A long heritage of the fishing economy is still celebrated in Sheringham and Cromer

Crabs being measured for size by fishermen, Philip Grahame Everitt (right) and Richard Davis retired

Crabs being measured for size by fishermen, Philip Grahame Everitt (right) and Richard Davis retired coxswain of Cromer lifeboat. pic taken 18th april 1975 c12043 pic to be used in edp dml 27th august 2009

Fishing has always been one of the mainstays of the north Norfolk economy, and these archive photographs show how much it has featured in the region's daily life.

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Whelk fishing at Cromer
Dated 23rd November 1954
Photograph C1709 N

Places - C Occupations Whelk fishing at Cromer Dated 23rd November 1954 Photograph C1709 N. Taylor

The crab has always been associated with Cromer and the lobster with Sheringham, and the rivalry between the coastal towns is still intense.

Legendary worldwide for their sweet flavour, Cromer crabs, served up in a crusty brown-bread sandwich, have been a prized Norfolk delicacy for decades. Renowned for their delicate flavour and their higher proportion of white meat to dark, an early guidebook, published in 1800, mentions that 'lobsters, crabs, whiting, cod-fish and herring are all caught here in the finest perfection'.

By 1887, there were 450 men and 94 boys fishing for a living in Sheringham and Cromer. The beaches to the east and west of Cromer pier were crowded with fishing boats, and there were once 150 crabbing boats in Cromer.

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Cromer fishermen attend to their boats, including the Peggy (owned by George "Crow" Roo

Places -- C Cromer fishermen attend to their boats, including the Peggy (owned by George "Crow" Rook), Boy Leslie (Leslie Harrison jnr), Lewis James (Lewis Harrison), Silver Spray (Jack Davies) and Boy Jimmy. The last named was involved in one of the most moving tragedies in Cromer's recent history, when in June 1953 it was swamped just 150 yards off shore, claiming the lives of Ted Bussey and brothers Jim and Frank Davies. Veteran lifeboatman Henry Blogg collapsed as he tried to top reach the rescue boat and Frederick Wells, son of a Cromer greengrocer, plunged fully clothed into the sea in a desperate attempt to reach the three. The accident stunned the town, and the poignant reports in the EDP of the aftermath still make moving reading. More than 1700 people packed ever nook and cranny in the parish church for the funeral, with another 1000 lining the streets in silent tribute. Coroner L. H. Allwood spoke for the whole of Norfolk when he said: "it is a dreadful thing that this accident has taken away thre

Occupations -- Miscellaneous Occupations
Cromer fishermen Dick Davies and Peter Mayes hoist bags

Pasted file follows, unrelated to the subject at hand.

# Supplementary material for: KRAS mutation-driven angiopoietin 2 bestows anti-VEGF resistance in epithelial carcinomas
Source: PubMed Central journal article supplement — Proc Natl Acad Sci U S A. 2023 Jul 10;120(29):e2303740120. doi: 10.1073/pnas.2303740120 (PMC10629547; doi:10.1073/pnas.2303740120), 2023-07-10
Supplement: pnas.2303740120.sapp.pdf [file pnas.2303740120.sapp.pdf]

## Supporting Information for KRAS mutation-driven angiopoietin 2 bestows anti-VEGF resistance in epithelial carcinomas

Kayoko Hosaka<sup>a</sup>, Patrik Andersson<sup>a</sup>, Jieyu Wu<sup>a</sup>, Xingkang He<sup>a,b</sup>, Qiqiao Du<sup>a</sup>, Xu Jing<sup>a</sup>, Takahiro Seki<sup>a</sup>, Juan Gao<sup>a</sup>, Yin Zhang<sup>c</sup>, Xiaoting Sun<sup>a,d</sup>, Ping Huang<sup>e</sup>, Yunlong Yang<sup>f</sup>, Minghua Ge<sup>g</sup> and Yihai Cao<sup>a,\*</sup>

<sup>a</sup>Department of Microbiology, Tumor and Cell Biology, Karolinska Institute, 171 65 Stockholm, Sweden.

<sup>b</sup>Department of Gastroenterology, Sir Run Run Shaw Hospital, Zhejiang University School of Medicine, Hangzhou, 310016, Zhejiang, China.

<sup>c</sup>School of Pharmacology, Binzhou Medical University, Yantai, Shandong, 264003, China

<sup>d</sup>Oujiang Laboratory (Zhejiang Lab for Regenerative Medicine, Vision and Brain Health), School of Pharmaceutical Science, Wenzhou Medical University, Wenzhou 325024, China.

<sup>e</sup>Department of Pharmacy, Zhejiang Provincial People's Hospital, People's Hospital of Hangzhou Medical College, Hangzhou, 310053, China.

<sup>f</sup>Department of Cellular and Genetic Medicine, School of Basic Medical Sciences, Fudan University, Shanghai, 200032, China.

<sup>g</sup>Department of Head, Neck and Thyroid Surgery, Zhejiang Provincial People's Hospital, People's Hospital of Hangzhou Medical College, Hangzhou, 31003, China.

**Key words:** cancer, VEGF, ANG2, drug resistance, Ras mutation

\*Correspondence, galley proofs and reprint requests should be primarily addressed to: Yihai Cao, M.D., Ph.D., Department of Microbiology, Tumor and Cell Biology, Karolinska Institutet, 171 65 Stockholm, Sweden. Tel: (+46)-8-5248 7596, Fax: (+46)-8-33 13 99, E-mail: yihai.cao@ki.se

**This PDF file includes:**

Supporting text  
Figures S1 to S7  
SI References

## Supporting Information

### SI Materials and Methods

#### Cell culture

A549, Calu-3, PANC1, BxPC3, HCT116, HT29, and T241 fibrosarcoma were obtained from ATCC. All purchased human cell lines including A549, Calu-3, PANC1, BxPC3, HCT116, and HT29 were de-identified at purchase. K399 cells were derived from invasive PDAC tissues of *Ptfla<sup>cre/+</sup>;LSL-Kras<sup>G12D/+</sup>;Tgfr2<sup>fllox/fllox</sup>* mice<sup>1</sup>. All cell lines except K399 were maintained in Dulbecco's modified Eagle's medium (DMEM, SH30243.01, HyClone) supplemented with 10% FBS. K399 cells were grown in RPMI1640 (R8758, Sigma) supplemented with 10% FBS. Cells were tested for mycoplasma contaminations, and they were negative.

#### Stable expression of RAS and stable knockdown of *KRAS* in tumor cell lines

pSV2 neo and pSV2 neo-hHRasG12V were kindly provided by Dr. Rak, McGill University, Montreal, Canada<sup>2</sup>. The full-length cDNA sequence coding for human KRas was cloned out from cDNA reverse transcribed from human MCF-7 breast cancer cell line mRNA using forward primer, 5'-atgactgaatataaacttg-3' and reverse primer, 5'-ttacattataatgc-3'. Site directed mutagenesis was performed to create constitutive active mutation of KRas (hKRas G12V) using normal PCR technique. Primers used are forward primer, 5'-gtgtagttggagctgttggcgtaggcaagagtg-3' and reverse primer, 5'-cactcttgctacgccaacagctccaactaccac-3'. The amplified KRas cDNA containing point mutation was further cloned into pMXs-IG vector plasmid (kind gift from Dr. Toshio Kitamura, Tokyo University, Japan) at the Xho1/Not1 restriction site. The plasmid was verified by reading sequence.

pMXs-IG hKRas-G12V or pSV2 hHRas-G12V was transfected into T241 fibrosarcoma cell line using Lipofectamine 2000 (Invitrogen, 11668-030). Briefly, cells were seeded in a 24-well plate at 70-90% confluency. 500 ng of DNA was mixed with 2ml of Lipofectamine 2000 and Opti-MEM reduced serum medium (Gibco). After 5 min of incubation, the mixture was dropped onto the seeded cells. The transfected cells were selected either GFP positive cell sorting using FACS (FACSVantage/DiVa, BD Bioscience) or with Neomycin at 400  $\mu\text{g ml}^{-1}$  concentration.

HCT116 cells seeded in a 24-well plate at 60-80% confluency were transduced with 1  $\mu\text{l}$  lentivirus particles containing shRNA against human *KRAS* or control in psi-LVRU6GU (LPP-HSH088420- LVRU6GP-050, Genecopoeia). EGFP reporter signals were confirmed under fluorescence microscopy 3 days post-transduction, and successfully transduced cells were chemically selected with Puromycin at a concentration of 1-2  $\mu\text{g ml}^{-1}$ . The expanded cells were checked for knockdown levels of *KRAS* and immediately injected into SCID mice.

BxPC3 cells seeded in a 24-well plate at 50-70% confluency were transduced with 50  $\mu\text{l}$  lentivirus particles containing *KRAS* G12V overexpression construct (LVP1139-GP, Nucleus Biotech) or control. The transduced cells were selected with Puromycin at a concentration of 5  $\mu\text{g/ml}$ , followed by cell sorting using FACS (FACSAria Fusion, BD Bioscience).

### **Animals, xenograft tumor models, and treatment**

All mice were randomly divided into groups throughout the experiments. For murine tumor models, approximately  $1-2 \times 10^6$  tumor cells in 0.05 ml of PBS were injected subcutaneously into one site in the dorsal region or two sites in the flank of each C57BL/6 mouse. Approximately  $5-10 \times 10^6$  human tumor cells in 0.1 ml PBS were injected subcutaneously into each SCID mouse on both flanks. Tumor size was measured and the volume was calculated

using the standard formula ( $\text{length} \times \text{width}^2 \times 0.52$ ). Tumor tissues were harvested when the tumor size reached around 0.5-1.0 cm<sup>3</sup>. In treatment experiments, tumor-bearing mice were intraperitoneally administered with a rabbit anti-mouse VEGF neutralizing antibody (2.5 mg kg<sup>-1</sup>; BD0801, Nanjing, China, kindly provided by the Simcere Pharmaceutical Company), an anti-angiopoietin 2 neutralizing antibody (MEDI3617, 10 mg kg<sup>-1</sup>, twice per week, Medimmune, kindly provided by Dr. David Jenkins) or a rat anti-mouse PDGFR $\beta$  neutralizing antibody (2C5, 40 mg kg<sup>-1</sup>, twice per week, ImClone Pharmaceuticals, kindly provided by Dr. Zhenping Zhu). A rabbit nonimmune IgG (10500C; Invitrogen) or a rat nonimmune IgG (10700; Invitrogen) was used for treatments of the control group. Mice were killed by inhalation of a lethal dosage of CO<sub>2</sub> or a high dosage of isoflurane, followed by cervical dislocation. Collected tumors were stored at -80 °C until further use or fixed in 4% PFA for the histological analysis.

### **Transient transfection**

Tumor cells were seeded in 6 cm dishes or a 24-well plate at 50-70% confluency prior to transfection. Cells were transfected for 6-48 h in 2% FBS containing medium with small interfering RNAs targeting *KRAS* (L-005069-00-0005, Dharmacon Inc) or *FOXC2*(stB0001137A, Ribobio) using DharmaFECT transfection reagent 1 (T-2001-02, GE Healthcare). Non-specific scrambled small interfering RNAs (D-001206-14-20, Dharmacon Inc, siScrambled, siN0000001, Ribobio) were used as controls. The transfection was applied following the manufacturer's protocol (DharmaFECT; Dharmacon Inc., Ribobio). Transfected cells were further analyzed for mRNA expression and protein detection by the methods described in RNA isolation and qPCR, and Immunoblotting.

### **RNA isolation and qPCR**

Occupations -- Miscellaneous Occupations Cromer fishermen Dick Davies and Peter Mayes hoist bags of steaming hot whelks, destined for the London market from boiling coppers. the fishermen had returned with their shellfish from a six-hour trip to the Bacton grounds. the average catch of whelks was around 13 skeps (bushels) for which the fishermen received around 9s (45p) each skep. But the whelking described as a "filling-in activity" -- was never very popular with the fishermen of the time as prices were low and the chances high of losing valuable pots to late-season bad weather. Photograph and caption used in EDP "North Norfolk Images" book, published in 1998 Dated -- 23 November 1954 Photograph -- C6468

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John Lee with the enormous nine-pound crab which he and his father-in-law Coxswain Hen

Places -- C John Lee with the enormous nine-pound crab which he and his father-in-law Coxswain Henry Davies, of Cromer No. 1 lifeboat, hauled up. The crab, the claws of which measured more than 16 inches was too big even for the crab pot -- it was found clinging to the side Photograph and caption used in EDP "North Norfolk Images" book, published in 1998 Dated -- 6 September 1958 Photograph -- C6482

Caption: SHERINGHAM FISHERMEN Used in Let's Talk first issue p20 Richard Little was able to tell

Caption: SHERINGHAM FISHERMEN Used in Let's Talk first issue p20 Richard Little was able to tell us lots more about the photograph of Sheringham fishermen - simply because he was the man in the picture holding the lobster! He thought the year was around 1952 and also identified the man sitting in the boat as his late father, Stanley little. To the far left in the peaked cap was Bob Rushmer, a fisheries officer, and the man leaning on the boat is Lennie �Teapot� West, a fact confirmed by his wife who called into our Cromer office. The picture was taken on the east beach, said Richard, and the Sheringham-built boat, called Pansy, was owned by the late �Downtide� West. Dated 1950s Photograph C7856


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